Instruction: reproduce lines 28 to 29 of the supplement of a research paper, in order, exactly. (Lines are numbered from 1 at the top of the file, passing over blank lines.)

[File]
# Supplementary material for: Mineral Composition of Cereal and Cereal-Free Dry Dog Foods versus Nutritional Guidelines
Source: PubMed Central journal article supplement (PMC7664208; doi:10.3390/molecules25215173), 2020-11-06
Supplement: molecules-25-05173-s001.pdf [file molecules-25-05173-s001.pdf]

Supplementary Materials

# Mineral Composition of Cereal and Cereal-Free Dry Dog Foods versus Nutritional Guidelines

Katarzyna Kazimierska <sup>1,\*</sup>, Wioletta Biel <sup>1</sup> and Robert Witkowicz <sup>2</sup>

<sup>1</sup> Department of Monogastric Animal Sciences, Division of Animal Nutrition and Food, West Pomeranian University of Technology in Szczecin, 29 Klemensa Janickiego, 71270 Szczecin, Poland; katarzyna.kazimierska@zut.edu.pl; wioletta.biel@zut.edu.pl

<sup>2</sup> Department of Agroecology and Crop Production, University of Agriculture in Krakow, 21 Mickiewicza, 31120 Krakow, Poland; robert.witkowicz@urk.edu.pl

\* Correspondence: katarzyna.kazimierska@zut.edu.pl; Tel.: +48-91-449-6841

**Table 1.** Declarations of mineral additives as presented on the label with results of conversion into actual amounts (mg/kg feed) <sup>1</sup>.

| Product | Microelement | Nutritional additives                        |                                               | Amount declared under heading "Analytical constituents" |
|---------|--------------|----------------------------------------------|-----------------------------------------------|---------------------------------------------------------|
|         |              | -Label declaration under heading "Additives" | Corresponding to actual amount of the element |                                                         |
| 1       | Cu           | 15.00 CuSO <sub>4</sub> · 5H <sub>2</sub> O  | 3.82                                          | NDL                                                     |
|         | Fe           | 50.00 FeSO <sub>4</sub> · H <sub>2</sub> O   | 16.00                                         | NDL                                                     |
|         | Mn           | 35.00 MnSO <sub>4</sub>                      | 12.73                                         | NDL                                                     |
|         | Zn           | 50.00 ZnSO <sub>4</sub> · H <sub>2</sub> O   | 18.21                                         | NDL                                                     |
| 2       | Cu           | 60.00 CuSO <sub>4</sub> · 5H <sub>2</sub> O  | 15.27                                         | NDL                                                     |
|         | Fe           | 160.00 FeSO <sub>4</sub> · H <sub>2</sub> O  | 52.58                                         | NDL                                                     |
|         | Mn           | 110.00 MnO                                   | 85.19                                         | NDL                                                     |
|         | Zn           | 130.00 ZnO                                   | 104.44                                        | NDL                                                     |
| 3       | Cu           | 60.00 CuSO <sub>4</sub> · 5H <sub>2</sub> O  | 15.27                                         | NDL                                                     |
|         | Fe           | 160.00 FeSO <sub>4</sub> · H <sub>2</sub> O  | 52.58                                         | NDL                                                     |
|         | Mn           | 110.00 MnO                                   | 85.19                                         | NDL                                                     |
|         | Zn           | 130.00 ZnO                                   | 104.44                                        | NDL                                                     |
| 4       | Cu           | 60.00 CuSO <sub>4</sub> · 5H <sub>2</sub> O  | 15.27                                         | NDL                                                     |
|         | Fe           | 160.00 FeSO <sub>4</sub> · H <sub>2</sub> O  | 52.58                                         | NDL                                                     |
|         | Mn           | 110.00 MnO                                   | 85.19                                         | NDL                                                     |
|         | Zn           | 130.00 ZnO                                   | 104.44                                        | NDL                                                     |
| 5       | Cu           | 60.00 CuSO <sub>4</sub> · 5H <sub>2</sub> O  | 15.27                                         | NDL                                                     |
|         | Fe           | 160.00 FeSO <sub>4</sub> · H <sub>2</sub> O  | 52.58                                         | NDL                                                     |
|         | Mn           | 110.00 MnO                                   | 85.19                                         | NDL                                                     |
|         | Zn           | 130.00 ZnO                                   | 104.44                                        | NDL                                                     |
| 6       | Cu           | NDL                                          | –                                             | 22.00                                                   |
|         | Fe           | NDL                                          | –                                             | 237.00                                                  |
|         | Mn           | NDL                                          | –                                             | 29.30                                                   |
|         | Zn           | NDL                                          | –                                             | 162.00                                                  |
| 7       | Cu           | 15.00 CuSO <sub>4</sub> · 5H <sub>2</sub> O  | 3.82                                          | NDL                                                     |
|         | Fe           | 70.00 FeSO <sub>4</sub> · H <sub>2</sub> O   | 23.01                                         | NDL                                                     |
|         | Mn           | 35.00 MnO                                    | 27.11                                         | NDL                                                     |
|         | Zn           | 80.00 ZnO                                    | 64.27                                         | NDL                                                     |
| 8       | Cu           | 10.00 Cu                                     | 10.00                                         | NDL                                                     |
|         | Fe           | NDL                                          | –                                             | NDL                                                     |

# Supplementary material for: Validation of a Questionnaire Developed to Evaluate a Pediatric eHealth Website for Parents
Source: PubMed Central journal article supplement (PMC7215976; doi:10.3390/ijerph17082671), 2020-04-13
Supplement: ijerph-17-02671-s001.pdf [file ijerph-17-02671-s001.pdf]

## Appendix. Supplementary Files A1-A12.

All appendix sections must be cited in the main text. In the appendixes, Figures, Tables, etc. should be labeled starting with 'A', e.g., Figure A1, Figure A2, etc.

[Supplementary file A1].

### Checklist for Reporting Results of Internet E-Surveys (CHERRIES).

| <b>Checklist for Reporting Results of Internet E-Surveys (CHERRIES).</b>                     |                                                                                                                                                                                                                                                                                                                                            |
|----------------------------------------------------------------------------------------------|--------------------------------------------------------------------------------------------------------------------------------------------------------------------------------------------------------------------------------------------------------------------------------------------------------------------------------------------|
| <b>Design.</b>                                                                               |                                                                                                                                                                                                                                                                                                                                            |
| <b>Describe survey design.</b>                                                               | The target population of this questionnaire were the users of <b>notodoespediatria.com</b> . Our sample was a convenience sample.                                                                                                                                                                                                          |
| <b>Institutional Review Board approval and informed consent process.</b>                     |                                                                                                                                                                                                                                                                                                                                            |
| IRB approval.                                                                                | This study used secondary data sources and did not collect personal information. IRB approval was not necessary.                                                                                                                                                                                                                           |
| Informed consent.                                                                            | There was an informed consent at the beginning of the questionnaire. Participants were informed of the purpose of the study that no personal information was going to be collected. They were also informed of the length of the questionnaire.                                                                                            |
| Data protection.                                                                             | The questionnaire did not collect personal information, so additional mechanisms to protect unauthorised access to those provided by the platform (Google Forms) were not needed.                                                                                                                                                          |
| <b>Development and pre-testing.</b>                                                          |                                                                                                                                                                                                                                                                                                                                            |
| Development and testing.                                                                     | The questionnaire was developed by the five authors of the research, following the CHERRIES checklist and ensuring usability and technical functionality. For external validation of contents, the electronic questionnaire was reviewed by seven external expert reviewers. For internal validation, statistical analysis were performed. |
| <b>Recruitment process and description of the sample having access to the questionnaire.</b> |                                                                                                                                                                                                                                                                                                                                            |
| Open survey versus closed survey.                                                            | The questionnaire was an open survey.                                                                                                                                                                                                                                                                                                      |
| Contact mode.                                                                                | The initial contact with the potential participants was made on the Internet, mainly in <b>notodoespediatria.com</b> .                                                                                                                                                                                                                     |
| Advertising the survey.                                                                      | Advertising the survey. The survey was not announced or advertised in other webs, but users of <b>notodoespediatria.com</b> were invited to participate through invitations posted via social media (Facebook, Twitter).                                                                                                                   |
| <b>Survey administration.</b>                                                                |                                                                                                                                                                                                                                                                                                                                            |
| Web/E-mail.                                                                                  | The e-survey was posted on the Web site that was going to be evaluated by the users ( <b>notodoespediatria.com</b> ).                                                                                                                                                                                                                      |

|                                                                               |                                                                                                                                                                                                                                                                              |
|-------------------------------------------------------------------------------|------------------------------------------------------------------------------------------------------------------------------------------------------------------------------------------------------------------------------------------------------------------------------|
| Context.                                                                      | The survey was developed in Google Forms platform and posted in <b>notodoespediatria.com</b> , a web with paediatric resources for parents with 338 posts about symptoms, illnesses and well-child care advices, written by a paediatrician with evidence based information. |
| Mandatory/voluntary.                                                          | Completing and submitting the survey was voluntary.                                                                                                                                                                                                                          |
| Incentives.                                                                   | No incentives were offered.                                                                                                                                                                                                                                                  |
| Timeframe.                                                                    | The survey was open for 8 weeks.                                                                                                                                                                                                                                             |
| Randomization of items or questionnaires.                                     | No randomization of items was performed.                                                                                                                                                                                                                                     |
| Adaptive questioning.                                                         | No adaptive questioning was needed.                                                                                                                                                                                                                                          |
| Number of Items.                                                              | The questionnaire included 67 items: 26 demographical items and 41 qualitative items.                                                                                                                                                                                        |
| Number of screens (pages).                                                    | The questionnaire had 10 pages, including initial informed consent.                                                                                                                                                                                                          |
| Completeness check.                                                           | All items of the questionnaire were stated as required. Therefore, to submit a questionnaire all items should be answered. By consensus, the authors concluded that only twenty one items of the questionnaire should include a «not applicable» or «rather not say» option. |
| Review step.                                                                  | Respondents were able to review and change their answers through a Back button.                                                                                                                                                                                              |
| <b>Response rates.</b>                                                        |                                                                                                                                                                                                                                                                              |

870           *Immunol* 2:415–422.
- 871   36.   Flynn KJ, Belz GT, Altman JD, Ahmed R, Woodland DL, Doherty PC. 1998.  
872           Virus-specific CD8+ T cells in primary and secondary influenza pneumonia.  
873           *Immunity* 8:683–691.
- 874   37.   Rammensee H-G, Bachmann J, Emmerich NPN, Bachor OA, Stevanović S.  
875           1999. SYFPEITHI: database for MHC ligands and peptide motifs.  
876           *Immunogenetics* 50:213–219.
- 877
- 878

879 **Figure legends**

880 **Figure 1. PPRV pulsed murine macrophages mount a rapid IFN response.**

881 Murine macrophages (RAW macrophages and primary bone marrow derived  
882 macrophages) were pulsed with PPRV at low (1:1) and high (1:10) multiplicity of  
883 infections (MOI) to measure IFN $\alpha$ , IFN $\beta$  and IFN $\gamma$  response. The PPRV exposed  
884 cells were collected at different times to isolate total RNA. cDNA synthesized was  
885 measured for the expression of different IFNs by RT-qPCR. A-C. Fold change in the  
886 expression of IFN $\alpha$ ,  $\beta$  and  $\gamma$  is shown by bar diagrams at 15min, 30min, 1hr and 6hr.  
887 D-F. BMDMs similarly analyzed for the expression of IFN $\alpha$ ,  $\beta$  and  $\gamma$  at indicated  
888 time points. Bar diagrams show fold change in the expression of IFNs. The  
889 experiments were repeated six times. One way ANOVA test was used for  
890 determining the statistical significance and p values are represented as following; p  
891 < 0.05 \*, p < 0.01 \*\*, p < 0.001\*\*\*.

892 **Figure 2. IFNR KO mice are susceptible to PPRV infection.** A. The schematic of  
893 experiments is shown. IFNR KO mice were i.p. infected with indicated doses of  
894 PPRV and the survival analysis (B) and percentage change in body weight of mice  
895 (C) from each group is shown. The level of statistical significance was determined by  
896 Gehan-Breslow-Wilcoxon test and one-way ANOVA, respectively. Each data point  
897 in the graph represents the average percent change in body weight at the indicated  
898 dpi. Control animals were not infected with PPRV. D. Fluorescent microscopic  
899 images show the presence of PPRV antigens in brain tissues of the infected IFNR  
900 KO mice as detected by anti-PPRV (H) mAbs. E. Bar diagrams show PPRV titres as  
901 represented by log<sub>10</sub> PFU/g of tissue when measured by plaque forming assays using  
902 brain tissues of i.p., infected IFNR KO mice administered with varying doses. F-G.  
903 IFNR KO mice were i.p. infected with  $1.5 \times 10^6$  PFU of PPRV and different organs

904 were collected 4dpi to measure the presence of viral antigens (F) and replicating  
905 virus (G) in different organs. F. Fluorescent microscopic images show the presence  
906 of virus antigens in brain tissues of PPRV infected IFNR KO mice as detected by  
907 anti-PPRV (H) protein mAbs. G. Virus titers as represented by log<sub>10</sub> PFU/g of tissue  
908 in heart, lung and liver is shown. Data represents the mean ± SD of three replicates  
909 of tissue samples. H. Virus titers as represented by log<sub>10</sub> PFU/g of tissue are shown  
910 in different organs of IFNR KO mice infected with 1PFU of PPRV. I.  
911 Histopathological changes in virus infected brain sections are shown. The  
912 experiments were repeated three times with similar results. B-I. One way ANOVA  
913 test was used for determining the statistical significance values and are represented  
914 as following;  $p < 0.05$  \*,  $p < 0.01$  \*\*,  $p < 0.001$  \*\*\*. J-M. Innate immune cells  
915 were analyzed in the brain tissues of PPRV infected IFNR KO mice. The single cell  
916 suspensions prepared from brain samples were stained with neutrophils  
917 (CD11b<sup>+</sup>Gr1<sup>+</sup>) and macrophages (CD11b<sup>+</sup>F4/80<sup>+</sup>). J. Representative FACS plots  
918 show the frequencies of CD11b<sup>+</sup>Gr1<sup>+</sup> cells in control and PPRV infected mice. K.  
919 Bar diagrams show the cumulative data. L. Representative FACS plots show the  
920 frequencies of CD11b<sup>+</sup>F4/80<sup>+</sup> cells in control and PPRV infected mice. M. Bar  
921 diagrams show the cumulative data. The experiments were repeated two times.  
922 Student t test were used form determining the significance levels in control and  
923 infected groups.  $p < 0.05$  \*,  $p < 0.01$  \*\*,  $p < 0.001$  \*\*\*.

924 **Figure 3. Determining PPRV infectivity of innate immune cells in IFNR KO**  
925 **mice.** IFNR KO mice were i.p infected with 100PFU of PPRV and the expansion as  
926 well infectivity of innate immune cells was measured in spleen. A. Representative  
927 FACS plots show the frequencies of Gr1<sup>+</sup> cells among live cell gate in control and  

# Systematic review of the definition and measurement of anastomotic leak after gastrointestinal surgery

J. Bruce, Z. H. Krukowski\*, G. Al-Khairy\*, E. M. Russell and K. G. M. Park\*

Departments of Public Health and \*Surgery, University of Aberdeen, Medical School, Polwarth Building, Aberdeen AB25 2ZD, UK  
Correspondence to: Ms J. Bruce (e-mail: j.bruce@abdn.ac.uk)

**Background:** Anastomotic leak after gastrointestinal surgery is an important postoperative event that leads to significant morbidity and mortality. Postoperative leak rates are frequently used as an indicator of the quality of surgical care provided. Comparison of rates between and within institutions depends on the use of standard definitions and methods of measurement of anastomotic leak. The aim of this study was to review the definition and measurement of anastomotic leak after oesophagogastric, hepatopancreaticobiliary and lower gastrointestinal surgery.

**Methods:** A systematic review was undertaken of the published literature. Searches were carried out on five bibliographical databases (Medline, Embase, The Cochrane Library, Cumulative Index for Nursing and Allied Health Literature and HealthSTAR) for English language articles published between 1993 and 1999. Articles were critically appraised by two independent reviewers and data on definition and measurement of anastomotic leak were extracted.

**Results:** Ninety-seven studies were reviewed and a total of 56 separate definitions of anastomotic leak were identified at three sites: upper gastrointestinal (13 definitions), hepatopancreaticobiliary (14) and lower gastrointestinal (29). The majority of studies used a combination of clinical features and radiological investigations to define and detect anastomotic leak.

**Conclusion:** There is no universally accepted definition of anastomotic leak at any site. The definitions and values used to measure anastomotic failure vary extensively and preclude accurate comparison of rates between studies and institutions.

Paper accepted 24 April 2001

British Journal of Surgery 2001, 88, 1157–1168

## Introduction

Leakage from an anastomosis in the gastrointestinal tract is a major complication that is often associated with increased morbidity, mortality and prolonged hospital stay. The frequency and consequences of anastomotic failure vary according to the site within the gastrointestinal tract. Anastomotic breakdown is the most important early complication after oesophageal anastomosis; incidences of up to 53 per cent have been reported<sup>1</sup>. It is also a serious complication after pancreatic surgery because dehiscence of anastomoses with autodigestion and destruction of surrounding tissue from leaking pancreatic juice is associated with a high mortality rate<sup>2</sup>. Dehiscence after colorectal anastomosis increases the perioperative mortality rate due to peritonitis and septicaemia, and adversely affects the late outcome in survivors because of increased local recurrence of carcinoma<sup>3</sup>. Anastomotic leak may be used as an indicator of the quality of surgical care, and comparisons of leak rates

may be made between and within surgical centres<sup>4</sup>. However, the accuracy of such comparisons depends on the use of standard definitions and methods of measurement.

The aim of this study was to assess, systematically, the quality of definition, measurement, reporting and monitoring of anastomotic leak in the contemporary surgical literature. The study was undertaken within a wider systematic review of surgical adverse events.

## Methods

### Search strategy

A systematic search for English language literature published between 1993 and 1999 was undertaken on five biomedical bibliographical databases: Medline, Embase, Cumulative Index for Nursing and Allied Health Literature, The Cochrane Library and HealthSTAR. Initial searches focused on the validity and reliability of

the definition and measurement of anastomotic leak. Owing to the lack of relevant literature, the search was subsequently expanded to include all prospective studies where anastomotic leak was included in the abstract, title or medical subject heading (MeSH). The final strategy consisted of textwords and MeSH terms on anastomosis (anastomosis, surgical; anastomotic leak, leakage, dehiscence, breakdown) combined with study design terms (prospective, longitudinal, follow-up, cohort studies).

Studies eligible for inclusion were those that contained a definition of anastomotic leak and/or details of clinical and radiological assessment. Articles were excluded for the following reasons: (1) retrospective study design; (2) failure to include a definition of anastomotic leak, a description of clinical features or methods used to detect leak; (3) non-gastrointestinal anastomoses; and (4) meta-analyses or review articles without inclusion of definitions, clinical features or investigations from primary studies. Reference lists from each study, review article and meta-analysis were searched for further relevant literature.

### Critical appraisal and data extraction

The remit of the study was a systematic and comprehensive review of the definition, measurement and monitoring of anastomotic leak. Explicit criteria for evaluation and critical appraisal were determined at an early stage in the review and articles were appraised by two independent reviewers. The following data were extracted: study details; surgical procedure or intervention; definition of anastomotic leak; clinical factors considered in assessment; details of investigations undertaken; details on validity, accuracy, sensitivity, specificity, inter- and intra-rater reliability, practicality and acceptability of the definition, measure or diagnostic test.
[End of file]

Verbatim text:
|         | Mn           | 110.00 MnO                                   | 85.19                                         | NDL                                                     |
|         | Zn           | 130.00 ZnO                                   | 104.44                                        | NDL                                                     |